Participants should be given the space to talk about the discrimination they've faced during their pregnancies. To provide a nice atmosphere for every participant, it's important to not ask any stupid questions. No one should be forced to answer a question they've been asked over and over again. That's when we should reflect and ask ourselves, Do I really need to know this to [successfully] take this class, or is it just my curiosity?

What kinds of negative experiences do people typically share with you in the course?
That's difficult to say because their experiences aren't mine. I can share what I've personally experienced, at least in my job at the clinic. Any departure from routine can complicate the smooth operation of the hospital ward or the delivery room, whether it's someone whose sexual orientation is unusual for the staff or someone who doesn't speak fluent German.

In many cases, it could mean that these patients are ultimately avoided [by healthcare workers], and sometimes it results in homophobic or xenophobic comments. For example, [I've heard] colleagues say, "I don't want this," or "I think this is unnatural," or "They can do whatever they want, but do they have to have children?" These are my experiences, but I assume that others are going through that as well.

Photo by Markus Spiske via Pexels

How can we prevent such situations from happening? What do you think should change in the way LGBTQ people are treated when receiving medical care?
I wish people would reflect on [their behavior] and imagine how it would feel if they walked [into a room] and weren't understood or accepted. Once you've realized [what that feels like], it's actually pretty easy. After all, no one wants to feel less worthy or like they're an inconvenience. Everyone wants the best medical care possible, which can't happen if someone is being ignored.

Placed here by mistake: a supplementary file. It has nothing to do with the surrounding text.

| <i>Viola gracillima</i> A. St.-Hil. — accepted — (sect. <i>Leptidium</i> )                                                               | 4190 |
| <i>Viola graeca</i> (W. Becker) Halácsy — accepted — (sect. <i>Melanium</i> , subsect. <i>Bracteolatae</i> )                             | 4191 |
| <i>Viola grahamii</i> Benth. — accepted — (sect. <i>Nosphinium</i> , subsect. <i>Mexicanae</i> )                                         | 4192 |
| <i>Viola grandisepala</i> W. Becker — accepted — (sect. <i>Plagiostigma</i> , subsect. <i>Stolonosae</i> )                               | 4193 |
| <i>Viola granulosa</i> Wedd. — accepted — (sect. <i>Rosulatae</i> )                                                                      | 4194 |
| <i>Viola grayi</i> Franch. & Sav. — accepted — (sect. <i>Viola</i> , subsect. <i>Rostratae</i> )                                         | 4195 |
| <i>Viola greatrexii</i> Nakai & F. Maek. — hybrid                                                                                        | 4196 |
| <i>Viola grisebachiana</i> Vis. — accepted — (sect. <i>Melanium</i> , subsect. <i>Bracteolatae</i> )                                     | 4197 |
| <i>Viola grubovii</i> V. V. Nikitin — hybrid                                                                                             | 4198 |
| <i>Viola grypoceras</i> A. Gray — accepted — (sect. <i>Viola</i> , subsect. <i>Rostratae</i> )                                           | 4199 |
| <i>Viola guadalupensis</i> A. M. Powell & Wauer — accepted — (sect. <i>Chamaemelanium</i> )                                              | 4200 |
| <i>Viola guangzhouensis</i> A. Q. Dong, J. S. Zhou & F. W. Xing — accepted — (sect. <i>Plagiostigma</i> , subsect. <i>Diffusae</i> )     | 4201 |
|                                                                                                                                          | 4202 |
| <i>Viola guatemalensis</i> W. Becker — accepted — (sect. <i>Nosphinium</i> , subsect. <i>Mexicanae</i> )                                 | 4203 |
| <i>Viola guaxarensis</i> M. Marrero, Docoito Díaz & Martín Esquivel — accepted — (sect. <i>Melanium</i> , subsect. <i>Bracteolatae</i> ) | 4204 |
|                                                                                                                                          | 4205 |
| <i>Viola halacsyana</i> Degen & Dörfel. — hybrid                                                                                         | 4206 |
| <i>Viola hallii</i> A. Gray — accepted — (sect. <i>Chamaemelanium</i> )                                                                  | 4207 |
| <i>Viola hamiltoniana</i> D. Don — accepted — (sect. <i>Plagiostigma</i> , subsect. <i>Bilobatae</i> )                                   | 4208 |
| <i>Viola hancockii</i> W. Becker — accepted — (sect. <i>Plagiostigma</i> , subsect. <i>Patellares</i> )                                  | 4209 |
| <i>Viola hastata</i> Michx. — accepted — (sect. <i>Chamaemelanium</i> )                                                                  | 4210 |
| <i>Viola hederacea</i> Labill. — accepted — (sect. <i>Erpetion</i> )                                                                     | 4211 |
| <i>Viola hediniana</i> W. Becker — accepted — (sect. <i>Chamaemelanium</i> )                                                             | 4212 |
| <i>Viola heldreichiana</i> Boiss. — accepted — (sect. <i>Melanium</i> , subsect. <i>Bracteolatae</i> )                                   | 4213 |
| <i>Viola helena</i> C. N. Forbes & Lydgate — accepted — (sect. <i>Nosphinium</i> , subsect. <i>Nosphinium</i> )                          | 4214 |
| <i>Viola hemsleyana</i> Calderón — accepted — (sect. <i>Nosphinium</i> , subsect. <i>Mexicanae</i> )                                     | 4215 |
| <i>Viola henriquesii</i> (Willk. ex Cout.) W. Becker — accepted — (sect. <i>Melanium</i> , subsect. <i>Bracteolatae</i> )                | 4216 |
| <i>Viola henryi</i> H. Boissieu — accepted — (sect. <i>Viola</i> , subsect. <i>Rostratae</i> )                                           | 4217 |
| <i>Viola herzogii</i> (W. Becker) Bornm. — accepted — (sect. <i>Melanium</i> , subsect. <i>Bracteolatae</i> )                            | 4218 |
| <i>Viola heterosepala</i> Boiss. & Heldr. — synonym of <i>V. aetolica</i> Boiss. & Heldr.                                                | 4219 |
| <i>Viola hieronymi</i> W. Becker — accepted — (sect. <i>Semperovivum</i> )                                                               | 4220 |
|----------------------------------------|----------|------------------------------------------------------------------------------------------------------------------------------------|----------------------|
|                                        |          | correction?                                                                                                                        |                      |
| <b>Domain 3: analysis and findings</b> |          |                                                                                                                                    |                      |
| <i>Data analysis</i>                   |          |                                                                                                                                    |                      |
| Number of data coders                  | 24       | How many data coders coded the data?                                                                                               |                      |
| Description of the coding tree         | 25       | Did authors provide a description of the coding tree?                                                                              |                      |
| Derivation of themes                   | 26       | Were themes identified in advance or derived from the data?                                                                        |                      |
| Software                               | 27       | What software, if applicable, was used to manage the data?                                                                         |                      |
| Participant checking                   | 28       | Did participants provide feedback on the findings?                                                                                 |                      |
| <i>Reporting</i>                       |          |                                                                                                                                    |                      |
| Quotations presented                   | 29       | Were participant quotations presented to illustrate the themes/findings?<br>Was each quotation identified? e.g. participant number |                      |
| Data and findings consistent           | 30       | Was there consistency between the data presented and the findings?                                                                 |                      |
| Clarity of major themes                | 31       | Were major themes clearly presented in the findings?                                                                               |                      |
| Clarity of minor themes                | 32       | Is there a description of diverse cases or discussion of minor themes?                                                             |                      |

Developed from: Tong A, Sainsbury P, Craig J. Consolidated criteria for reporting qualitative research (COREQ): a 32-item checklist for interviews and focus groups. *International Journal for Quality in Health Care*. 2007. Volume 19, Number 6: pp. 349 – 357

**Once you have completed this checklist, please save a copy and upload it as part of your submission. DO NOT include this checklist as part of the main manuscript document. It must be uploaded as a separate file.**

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The best thing would be, of course, to ask ourselves whether it's always [a good thing] to be blind to differences—or rather, would people benefit from having their differences accepted, without being put into the same box with everyone else? But it's always a balancing act not to reinforce discriminatory categories.

Are the expectant parents in your course different from the classic heterosexual mother-father couples? Or are there similarities when it comes to their fears and dreams?
[All expecting parents] have so much in common. Most of them share this feeling of uncertainty, especially [when it comes to] their first child. What will it be like? Will I do everything right? Will I be in good hands? Will I be supported? Can I trust my own body? These are the fears and concerns that everyone shares in this situation.

With LGBTQI people, the trust [that helps them conquer these concerns] is particularly undermined by our heteronormative society. But trust is the basis for a good birth. When you're being undermined by your own surroundings and you're in such a vulnerable state, and when you start to get the feeling like you've made a bad choice. That causes additional challenges. As a society, we have a very narrow idea of who and under which conditions someone is allowed to have a child. After all, we have these stereotypes for women, pregnancy, and motherhood that nobody can actually fulfill.